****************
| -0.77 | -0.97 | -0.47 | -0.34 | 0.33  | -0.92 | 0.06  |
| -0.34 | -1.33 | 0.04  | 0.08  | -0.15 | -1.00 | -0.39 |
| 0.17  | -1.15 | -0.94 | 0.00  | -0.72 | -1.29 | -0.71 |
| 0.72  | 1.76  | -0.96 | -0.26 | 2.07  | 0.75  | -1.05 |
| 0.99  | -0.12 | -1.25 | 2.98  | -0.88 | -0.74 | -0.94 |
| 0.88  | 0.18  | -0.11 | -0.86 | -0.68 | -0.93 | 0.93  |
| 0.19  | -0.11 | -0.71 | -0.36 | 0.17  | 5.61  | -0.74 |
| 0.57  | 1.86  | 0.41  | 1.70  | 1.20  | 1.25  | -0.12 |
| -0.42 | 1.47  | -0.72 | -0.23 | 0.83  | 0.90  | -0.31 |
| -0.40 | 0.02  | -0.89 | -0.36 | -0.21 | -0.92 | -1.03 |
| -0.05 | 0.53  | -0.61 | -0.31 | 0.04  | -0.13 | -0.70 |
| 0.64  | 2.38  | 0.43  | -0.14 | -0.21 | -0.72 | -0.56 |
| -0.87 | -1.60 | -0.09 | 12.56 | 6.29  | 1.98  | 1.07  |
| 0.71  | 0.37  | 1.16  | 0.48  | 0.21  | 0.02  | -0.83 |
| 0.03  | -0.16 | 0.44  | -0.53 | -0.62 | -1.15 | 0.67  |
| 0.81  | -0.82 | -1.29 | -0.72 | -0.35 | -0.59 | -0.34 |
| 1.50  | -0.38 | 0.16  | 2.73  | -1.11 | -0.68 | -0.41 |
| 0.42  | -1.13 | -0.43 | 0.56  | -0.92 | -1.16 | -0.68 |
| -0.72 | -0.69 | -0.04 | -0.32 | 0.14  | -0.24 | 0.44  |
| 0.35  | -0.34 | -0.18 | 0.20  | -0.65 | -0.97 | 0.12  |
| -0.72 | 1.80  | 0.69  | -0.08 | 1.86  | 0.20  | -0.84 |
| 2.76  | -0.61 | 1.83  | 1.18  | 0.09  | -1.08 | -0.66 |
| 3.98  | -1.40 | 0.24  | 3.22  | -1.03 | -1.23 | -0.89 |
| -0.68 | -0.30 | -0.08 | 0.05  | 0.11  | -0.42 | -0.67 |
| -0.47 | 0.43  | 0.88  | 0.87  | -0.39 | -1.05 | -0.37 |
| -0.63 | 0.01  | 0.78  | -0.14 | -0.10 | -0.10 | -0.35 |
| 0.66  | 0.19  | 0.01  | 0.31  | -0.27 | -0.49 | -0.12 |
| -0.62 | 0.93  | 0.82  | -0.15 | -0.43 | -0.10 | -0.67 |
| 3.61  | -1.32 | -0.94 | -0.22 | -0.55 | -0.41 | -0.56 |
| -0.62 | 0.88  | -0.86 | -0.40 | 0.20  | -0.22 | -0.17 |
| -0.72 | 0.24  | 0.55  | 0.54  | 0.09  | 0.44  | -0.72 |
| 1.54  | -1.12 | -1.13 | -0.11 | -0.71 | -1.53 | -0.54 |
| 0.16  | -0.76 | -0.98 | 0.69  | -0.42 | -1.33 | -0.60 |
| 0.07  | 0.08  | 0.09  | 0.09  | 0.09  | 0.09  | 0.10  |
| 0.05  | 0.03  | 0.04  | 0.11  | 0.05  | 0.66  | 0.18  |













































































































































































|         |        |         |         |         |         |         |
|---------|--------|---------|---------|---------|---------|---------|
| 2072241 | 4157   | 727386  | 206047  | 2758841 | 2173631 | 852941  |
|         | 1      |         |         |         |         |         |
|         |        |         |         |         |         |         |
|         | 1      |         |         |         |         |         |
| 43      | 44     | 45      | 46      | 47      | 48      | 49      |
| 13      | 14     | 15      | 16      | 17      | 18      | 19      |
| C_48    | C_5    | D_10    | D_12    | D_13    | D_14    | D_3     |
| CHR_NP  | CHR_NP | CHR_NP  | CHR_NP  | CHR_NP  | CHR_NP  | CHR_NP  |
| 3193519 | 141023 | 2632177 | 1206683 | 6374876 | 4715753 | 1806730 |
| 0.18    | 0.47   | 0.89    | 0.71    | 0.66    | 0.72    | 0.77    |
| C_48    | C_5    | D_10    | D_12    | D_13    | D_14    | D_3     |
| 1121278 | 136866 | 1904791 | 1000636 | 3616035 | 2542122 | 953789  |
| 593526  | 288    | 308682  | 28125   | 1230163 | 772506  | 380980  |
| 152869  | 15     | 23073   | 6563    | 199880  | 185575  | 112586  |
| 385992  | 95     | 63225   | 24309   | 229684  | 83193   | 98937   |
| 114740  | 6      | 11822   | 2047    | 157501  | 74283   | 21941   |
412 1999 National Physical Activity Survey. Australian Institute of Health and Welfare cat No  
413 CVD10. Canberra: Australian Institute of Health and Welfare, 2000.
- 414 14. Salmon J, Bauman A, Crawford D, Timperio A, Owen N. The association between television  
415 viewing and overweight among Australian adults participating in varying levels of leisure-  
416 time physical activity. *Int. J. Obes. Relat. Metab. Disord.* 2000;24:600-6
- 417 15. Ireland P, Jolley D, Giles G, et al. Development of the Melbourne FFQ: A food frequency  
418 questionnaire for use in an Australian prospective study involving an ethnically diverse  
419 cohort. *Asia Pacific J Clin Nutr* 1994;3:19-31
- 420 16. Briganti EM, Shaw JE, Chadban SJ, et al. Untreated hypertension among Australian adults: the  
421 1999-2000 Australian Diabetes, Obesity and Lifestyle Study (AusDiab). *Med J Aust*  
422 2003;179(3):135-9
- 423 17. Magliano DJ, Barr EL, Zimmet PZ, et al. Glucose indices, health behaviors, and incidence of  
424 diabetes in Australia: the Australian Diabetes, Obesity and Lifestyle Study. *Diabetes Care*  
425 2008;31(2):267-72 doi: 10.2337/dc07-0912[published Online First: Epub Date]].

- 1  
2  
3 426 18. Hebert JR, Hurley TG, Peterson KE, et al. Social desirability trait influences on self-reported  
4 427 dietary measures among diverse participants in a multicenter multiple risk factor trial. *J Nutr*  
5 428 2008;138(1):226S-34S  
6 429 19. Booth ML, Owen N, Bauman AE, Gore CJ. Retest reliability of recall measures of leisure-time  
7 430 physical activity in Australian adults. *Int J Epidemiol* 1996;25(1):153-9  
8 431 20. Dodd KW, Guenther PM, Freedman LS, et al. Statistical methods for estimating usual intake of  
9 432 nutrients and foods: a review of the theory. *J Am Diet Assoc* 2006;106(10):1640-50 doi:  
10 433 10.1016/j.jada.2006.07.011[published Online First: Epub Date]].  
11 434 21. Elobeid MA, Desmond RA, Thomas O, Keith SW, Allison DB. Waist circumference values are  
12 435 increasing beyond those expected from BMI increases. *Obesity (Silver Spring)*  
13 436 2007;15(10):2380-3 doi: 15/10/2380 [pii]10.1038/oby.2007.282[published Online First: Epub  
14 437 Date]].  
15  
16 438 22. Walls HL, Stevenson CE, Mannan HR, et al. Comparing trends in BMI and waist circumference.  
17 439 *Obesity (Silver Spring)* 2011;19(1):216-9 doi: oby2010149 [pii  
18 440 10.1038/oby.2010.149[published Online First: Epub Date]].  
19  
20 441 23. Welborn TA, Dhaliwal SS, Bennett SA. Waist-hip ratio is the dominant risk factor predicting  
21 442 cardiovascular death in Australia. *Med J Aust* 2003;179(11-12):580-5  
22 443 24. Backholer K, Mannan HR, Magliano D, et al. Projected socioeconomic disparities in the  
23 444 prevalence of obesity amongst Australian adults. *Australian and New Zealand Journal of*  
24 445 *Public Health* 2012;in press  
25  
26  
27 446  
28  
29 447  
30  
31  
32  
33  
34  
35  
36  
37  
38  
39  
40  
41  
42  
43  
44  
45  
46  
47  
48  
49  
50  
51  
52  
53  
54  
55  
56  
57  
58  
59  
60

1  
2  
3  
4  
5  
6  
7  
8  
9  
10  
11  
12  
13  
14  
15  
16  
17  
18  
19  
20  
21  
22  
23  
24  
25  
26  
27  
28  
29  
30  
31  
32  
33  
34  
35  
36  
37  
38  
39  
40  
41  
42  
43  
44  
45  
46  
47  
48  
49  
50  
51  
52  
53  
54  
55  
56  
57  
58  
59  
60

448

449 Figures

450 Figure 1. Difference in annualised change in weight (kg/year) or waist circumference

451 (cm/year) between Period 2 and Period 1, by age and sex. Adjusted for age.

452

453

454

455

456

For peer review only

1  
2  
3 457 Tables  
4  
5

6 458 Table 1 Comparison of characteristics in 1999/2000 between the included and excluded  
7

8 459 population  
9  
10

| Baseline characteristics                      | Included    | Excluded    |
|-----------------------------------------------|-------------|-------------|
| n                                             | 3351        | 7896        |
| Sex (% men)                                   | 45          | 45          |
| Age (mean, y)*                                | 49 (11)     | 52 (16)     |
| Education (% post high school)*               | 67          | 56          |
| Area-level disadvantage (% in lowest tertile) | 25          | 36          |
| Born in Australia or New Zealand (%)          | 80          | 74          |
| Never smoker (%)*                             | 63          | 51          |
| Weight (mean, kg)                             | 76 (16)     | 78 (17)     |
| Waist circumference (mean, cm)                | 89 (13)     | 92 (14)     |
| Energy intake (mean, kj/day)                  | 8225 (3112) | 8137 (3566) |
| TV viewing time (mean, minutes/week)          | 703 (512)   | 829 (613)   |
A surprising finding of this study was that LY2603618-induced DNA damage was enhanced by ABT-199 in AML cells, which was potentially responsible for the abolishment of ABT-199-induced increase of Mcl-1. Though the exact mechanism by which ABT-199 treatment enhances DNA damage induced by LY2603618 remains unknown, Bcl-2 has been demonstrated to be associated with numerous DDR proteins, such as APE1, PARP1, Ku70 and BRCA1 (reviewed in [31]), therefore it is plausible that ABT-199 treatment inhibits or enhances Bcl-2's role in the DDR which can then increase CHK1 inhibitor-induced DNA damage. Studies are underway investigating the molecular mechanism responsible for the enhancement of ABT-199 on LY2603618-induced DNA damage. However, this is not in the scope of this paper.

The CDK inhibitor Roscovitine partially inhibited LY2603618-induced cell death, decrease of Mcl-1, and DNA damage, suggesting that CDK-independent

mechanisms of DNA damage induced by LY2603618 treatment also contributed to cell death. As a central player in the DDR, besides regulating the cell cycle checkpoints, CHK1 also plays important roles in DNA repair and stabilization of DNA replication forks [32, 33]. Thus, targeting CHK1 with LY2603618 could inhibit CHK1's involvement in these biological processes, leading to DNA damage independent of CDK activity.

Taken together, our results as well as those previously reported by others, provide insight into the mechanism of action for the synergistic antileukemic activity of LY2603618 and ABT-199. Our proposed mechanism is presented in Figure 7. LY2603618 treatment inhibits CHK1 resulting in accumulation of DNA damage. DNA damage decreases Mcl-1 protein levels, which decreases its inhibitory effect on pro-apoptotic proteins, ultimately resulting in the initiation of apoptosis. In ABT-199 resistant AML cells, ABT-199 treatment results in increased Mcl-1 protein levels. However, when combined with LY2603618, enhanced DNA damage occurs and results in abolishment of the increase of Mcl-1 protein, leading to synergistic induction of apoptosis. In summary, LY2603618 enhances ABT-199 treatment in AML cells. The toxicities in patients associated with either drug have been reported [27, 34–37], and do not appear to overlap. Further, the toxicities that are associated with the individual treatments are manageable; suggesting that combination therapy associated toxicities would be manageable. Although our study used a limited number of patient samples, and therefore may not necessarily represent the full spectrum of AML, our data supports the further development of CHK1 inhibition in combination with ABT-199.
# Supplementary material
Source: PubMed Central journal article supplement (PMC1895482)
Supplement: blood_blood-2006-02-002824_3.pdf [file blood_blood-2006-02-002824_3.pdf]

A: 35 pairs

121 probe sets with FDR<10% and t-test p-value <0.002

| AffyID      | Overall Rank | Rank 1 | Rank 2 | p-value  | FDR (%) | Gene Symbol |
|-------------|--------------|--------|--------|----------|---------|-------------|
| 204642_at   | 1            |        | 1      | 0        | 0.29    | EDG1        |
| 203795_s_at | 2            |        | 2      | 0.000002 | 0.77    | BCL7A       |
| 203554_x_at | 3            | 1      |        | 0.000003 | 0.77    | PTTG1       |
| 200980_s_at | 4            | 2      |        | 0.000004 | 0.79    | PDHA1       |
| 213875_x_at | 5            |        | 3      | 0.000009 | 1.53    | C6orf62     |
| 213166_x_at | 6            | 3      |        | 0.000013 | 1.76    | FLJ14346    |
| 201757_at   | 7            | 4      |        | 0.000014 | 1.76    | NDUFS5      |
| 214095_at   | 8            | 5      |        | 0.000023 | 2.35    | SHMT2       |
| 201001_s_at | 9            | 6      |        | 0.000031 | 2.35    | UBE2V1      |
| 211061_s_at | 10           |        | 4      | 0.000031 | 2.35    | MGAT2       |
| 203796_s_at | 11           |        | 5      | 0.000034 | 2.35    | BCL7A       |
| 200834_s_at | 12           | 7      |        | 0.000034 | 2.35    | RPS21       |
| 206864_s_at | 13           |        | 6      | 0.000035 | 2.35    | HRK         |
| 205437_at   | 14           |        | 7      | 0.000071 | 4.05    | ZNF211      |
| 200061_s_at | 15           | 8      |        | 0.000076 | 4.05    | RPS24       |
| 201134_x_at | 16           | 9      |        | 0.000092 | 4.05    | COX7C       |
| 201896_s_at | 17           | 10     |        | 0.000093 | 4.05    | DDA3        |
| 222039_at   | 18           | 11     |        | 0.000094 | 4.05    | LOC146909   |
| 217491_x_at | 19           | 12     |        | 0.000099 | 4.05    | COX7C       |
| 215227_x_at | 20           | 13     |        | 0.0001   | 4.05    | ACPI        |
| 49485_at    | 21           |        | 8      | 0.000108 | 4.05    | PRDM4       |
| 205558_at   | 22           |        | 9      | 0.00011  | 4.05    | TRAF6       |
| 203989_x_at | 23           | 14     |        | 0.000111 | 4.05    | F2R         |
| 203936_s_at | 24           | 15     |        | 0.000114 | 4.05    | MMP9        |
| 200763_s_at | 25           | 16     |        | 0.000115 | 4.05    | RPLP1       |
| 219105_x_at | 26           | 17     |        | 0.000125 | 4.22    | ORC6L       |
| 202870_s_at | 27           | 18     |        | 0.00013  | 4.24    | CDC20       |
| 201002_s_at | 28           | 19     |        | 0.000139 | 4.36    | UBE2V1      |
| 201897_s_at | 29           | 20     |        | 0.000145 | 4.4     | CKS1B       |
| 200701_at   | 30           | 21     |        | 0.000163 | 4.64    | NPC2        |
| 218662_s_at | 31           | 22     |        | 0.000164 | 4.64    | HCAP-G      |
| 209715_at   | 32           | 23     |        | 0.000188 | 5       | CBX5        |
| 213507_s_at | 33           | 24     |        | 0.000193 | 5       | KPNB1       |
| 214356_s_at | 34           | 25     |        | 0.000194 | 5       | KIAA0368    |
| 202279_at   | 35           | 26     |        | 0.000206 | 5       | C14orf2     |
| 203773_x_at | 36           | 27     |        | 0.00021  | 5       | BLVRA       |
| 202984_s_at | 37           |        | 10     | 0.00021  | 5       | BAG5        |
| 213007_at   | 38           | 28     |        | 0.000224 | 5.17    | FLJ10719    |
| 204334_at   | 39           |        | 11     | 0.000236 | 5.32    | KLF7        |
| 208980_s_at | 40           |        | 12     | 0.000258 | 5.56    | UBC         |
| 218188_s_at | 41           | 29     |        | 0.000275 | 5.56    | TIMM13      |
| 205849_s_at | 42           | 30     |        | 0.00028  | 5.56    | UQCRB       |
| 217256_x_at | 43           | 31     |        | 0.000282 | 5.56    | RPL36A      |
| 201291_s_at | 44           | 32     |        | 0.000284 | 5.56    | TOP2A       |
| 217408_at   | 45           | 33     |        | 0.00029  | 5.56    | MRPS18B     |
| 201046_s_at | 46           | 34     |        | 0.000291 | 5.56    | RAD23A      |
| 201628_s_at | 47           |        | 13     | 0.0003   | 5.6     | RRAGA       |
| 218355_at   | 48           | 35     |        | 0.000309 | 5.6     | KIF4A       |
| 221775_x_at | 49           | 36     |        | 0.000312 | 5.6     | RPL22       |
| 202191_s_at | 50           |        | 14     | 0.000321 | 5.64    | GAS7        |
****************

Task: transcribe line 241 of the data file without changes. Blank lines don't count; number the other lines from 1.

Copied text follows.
| 211061_s_at | 10           |        | 4      | 0.000031 | 2.35    | MGAT2       |